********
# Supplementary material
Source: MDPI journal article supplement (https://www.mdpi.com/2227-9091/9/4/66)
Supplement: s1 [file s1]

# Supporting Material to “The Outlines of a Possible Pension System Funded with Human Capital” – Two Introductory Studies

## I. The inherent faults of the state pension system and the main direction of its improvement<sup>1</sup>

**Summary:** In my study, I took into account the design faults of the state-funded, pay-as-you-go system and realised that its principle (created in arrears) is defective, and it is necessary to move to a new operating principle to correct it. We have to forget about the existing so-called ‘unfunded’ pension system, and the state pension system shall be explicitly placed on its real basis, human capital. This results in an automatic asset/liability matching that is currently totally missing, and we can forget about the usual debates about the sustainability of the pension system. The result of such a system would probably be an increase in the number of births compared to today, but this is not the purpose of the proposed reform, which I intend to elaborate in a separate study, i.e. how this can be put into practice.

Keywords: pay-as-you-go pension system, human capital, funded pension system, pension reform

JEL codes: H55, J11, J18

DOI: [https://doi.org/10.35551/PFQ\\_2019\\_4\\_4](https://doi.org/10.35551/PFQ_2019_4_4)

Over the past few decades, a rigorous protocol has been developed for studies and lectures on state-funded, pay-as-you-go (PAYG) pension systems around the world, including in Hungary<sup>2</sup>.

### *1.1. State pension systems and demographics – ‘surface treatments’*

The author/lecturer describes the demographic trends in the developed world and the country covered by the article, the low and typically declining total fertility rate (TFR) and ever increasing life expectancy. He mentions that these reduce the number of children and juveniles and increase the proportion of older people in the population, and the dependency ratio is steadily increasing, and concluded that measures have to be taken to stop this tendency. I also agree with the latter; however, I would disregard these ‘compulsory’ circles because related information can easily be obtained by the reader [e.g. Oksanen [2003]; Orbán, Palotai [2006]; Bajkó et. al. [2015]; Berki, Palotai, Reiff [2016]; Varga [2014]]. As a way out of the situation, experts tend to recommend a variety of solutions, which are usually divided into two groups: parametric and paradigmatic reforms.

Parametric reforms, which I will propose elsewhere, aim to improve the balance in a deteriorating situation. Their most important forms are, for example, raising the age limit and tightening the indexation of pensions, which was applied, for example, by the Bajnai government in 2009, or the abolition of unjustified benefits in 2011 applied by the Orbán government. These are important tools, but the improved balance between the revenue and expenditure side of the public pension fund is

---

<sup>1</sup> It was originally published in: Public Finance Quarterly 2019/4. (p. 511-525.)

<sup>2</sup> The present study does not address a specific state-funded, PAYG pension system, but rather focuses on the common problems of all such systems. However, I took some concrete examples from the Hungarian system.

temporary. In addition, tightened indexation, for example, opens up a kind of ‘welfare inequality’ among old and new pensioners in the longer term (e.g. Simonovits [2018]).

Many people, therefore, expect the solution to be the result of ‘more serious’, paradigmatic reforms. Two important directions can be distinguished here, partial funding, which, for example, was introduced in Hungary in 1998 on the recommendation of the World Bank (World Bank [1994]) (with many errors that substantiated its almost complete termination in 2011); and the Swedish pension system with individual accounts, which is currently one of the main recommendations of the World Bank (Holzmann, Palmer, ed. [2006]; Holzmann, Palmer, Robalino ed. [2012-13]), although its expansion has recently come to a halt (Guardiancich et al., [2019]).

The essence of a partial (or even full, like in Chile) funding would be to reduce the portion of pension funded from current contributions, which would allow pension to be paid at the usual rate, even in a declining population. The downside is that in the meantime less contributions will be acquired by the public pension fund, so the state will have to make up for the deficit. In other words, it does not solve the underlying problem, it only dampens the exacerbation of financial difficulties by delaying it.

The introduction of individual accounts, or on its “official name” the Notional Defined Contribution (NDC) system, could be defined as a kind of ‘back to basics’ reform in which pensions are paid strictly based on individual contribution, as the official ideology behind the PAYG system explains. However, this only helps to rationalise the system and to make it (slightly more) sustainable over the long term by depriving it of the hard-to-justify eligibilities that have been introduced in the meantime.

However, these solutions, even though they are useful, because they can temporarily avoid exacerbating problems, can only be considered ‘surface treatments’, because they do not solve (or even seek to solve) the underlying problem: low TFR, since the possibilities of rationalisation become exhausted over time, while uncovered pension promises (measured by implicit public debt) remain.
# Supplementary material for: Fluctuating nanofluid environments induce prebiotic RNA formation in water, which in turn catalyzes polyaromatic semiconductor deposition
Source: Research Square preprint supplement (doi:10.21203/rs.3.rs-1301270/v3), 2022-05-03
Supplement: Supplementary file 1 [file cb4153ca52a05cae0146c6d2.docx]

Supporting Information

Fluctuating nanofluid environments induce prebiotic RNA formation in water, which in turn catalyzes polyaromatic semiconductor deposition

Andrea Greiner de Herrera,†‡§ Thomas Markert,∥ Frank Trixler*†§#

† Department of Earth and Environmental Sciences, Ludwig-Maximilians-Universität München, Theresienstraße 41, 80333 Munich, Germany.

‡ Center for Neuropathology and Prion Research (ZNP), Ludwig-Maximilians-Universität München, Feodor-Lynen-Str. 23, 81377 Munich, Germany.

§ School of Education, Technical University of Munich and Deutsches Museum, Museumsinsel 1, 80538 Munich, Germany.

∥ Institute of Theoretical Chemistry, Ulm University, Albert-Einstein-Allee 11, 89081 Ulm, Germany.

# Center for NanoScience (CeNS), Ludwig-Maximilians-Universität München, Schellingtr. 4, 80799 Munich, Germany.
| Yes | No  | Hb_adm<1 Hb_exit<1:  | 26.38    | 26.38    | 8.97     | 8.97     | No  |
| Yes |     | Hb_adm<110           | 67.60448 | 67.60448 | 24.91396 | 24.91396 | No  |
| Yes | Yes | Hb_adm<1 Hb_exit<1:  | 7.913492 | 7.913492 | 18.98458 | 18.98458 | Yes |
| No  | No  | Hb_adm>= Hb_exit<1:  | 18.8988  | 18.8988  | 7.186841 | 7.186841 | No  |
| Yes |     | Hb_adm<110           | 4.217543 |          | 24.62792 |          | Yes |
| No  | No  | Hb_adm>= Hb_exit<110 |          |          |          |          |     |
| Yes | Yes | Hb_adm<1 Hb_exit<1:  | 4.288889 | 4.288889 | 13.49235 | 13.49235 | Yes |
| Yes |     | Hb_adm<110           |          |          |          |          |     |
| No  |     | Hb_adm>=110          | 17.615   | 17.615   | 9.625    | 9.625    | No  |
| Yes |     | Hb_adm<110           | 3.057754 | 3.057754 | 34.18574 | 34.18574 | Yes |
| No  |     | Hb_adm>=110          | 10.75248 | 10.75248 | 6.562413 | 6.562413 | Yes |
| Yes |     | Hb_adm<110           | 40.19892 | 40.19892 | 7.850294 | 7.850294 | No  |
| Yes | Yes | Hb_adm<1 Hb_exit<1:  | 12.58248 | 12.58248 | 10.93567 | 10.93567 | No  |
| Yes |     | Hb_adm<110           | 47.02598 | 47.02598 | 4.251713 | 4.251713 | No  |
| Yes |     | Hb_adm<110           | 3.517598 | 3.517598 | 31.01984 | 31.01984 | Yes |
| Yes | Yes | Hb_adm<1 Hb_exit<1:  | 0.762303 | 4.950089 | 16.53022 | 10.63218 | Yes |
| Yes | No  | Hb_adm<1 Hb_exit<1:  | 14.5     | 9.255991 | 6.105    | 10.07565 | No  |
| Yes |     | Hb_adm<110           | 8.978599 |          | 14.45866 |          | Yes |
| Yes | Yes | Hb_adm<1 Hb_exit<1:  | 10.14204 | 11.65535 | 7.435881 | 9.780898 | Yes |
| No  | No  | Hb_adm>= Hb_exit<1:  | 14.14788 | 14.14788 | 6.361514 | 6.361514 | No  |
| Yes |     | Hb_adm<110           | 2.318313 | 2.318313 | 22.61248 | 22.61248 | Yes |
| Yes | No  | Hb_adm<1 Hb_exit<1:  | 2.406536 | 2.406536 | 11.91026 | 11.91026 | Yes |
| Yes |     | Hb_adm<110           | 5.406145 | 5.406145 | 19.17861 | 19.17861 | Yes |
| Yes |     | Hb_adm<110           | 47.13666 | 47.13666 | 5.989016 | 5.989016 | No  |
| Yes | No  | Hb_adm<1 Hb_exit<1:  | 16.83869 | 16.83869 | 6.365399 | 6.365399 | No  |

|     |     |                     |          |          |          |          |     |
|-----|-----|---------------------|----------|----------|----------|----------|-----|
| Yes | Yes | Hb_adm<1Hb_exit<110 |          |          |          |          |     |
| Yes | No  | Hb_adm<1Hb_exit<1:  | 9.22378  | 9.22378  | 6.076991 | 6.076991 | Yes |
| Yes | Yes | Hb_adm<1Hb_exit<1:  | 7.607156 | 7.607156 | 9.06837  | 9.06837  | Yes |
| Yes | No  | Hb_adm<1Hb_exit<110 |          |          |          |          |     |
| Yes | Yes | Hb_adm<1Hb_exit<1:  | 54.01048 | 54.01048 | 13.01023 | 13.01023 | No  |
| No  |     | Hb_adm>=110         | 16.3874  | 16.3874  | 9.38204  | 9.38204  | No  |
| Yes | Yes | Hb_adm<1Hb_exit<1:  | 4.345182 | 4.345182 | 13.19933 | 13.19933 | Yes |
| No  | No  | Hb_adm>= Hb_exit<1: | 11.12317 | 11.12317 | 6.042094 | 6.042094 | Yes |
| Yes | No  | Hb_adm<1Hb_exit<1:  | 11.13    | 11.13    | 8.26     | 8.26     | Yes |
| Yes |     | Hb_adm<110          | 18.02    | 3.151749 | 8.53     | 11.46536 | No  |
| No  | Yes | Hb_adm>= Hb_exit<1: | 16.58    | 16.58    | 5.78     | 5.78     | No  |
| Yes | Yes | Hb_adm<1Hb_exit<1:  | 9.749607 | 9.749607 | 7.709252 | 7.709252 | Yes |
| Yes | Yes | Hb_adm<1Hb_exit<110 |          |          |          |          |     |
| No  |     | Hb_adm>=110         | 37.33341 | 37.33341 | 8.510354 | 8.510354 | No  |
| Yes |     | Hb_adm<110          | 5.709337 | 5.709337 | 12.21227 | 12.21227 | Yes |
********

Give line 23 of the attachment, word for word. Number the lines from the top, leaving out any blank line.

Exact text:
Source: Research Square preprint supplement (doi:10.21203/rs.3.rs-1301270/v3), 2022-05-03